the feudal system appeared to arise from situations in which (a) there was a lack of security, (b) the most important form of wealth was land. Local military rulers sprang up. Military rulers ('lords') who owned land (the original owners were called alloidal owners) delegated land ('fiefs') to others ('vassals') in exchange for some amount of loyalty as well some other form of 'rent' (the opposite of vassal, the word for the lord granting the land, is suzerain; " any relationship in which one region or polity controls the foreign policy and relations of a tributary state, while allowing the tributary state to have internal autonomy." [9]). A person could be a vassal to multiple lords simultaneously.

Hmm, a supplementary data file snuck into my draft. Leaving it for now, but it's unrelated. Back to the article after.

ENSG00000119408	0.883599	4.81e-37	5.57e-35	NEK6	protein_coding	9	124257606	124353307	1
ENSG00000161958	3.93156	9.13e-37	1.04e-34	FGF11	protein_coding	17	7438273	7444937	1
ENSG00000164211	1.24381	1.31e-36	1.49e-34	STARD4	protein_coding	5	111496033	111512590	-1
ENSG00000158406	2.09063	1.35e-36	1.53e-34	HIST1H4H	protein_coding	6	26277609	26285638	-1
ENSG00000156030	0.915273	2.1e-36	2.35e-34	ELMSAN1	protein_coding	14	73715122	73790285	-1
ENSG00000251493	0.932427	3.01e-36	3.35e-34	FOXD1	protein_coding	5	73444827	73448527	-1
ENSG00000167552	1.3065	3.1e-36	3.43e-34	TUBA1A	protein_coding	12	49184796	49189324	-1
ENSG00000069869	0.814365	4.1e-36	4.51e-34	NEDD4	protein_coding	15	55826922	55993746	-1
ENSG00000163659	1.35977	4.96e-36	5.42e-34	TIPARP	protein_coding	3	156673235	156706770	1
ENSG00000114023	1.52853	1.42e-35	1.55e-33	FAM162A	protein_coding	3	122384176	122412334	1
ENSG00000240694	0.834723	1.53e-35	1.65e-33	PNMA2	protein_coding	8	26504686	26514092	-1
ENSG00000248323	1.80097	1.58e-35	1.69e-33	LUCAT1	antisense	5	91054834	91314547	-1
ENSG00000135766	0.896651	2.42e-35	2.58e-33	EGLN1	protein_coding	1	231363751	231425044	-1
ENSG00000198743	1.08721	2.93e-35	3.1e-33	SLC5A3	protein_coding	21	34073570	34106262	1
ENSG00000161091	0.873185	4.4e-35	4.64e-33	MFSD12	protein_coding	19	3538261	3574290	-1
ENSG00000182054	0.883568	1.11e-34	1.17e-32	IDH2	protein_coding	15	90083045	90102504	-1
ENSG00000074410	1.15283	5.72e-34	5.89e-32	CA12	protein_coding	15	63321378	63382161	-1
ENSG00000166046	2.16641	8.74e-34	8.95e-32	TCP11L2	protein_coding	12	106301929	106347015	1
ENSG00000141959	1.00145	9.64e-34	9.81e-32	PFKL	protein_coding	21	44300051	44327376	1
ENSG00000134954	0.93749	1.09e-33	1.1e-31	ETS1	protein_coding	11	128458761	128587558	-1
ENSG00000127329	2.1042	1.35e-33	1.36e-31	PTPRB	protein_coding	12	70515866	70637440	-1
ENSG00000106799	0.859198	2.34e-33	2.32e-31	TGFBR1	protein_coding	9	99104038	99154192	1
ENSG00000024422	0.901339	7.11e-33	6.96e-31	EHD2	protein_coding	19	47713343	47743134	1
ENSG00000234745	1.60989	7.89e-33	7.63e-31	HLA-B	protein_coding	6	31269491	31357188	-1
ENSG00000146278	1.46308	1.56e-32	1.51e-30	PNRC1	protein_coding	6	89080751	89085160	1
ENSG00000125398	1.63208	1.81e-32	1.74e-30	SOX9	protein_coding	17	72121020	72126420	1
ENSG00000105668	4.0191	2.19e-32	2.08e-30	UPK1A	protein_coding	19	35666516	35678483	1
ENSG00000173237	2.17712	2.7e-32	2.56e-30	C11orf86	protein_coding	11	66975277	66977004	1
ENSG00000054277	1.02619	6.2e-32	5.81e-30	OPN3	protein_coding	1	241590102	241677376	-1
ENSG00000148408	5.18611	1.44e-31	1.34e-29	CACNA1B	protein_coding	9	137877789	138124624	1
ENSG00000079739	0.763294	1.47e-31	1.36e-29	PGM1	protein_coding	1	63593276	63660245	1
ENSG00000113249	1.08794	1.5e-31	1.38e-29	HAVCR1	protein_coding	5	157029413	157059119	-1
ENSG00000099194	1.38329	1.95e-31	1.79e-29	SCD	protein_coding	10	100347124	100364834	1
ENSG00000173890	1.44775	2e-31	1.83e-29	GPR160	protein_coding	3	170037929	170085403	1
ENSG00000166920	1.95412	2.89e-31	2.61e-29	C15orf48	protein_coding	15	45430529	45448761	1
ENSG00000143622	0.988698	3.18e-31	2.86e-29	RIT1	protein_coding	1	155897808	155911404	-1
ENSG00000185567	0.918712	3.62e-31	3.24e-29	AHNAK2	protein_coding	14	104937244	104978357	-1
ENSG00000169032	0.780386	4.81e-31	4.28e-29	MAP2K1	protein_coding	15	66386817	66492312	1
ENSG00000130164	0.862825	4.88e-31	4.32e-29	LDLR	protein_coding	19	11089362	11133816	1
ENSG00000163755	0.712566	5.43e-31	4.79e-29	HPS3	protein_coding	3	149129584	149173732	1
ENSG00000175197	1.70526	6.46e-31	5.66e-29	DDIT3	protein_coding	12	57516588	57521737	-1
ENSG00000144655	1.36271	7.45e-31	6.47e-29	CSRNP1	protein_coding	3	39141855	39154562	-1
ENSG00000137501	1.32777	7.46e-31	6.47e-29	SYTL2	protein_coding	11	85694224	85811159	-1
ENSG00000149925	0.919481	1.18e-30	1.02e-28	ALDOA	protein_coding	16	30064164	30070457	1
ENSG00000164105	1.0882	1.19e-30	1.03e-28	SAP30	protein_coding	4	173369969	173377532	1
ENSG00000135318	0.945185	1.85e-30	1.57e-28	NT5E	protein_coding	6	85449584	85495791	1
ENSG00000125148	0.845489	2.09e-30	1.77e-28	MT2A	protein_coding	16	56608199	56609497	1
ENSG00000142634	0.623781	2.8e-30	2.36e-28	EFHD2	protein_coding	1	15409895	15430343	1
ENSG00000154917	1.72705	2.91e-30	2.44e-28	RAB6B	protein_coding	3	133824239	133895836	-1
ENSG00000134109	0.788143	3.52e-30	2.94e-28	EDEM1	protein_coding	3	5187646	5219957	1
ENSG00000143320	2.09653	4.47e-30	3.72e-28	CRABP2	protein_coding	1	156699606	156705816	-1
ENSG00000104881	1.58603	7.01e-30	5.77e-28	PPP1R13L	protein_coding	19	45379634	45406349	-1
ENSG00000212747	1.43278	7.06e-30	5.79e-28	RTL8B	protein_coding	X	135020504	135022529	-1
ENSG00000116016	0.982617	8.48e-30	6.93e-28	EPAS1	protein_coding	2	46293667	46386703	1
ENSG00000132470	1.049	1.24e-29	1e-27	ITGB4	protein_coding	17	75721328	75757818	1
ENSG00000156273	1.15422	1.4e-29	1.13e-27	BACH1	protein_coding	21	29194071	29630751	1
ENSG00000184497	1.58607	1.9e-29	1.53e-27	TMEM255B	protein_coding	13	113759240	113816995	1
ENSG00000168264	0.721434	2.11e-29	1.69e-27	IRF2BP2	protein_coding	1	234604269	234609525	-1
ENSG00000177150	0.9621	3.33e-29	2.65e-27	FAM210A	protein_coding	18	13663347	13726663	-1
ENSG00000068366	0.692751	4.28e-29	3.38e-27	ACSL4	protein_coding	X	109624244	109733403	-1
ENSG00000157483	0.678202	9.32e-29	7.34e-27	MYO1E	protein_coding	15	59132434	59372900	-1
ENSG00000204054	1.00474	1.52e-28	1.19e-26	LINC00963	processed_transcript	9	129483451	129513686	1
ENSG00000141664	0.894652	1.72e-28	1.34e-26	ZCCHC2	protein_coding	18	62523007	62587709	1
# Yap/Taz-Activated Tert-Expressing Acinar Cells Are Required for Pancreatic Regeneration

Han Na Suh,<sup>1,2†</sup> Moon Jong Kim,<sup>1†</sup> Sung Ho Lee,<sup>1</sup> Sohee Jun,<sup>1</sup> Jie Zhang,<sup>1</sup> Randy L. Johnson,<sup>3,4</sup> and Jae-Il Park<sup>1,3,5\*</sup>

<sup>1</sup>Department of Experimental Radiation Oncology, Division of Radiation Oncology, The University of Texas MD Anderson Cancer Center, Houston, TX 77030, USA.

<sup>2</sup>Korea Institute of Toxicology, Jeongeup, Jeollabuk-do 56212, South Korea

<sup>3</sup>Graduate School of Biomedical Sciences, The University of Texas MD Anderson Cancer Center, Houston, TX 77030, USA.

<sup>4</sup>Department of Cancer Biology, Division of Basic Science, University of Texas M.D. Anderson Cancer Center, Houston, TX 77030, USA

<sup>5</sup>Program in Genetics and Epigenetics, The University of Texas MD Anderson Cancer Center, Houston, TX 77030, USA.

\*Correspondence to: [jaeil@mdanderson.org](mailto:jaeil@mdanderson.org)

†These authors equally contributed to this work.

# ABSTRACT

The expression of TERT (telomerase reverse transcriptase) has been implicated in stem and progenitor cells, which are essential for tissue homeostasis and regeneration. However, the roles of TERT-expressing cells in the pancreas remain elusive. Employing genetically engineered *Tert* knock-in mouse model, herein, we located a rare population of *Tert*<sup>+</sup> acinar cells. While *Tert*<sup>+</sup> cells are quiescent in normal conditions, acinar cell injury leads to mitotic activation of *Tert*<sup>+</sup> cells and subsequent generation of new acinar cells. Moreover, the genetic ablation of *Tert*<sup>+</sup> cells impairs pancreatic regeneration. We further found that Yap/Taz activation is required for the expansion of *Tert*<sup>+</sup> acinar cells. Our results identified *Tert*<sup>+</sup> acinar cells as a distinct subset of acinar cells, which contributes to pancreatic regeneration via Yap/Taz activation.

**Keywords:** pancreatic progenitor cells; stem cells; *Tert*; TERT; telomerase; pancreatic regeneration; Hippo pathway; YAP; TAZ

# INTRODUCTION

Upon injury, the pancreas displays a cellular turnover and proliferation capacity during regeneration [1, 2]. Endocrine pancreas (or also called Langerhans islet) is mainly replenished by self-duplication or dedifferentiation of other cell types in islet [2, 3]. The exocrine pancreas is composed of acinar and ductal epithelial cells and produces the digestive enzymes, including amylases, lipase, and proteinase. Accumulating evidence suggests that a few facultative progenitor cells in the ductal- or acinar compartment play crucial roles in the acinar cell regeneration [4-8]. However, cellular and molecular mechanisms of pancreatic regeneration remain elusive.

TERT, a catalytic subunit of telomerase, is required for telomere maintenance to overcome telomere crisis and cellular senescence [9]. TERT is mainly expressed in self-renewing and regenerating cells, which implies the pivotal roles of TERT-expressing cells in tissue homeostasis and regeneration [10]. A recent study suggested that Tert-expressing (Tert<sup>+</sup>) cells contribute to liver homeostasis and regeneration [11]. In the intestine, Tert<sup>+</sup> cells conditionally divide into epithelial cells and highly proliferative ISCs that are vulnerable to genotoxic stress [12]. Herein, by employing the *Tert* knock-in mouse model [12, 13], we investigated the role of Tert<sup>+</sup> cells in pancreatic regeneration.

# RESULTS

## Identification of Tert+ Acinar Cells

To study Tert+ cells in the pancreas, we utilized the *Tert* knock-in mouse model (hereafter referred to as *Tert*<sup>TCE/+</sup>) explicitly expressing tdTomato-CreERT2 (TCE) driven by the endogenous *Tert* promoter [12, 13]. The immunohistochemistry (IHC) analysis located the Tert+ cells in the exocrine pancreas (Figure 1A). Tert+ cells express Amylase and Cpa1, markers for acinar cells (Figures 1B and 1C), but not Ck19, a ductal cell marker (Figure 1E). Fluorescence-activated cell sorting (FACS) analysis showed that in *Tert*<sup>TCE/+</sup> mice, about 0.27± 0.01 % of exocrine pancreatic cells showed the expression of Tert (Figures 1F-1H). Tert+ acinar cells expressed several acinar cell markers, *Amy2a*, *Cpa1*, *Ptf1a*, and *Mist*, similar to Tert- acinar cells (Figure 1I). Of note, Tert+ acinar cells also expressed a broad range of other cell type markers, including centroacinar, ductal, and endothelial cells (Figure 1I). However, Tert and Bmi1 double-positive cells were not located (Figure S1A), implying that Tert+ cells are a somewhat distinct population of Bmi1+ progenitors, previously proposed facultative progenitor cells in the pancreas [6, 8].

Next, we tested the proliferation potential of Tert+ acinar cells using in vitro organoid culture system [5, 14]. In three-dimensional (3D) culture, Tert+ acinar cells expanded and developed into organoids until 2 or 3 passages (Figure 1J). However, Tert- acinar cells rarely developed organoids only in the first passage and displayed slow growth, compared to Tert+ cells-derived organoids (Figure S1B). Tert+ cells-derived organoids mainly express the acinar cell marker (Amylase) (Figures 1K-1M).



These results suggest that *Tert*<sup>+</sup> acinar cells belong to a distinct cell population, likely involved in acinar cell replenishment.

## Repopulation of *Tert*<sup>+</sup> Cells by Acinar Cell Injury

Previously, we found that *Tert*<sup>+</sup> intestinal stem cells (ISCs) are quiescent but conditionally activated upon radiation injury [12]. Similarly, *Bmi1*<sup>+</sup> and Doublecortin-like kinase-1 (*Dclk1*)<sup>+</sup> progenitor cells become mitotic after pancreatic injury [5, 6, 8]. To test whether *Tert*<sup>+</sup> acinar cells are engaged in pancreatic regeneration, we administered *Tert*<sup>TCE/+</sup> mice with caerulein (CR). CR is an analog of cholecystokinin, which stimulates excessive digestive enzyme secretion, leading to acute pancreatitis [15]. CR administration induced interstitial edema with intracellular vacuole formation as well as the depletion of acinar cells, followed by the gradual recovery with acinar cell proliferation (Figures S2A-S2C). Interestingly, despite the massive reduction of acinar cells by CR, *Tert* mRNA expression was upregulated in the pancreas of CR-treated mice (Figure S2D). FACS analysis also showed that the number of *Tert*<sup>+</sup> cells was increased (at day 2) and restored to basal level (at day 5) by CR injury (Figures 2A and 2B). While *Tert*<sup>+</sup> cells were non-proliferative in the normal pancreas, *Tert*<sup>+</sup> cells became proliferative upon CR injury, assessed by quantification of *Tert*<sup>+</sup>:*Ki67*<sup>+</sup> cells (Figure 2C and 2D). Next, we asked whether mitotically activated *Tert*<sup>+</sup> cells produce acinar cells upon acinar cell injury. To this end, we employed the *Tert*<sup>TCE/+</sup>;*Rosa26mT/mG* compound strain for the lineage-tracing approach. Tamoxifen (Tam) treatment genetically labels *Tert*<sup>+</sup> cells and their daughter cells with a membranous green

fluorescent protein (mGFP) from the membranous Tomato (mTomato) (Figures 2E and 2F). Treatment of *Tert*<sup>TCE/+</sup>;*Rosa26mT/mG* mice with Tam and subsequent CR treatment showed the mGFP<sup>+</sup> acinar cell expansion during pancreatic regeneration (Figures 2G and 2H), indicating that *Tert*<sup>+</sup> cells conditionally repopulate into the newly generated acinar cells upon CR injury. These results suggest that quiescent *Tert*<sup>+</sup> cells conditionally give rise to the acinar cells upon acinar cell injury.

Vassals tended to be the loyal companions of the rulers, other soldiers, and competing but weaker rulers. The 'rent' tended to be military service. These relationship, either immediately or over time, became hereditary, and the various lords and vassals became nobles. Nobles, at least high nobles, were sometimes thought of as people who had some form of power/rights indepenently of the king (e.g. "Ealdorman...was a term in Anglo-Saxon England which originally applied to a man of high status, including some of royal birth, whose authority was independent of the king." [10]). Some nobles had land and some didn't, some had titles and some didn't, some had the right to sit in a national council, and some didn't. There were other forms of lease besides a lord-vassal relationship; commoners could sometimes rent land from nobles without themselves becoming either vassals or nobles.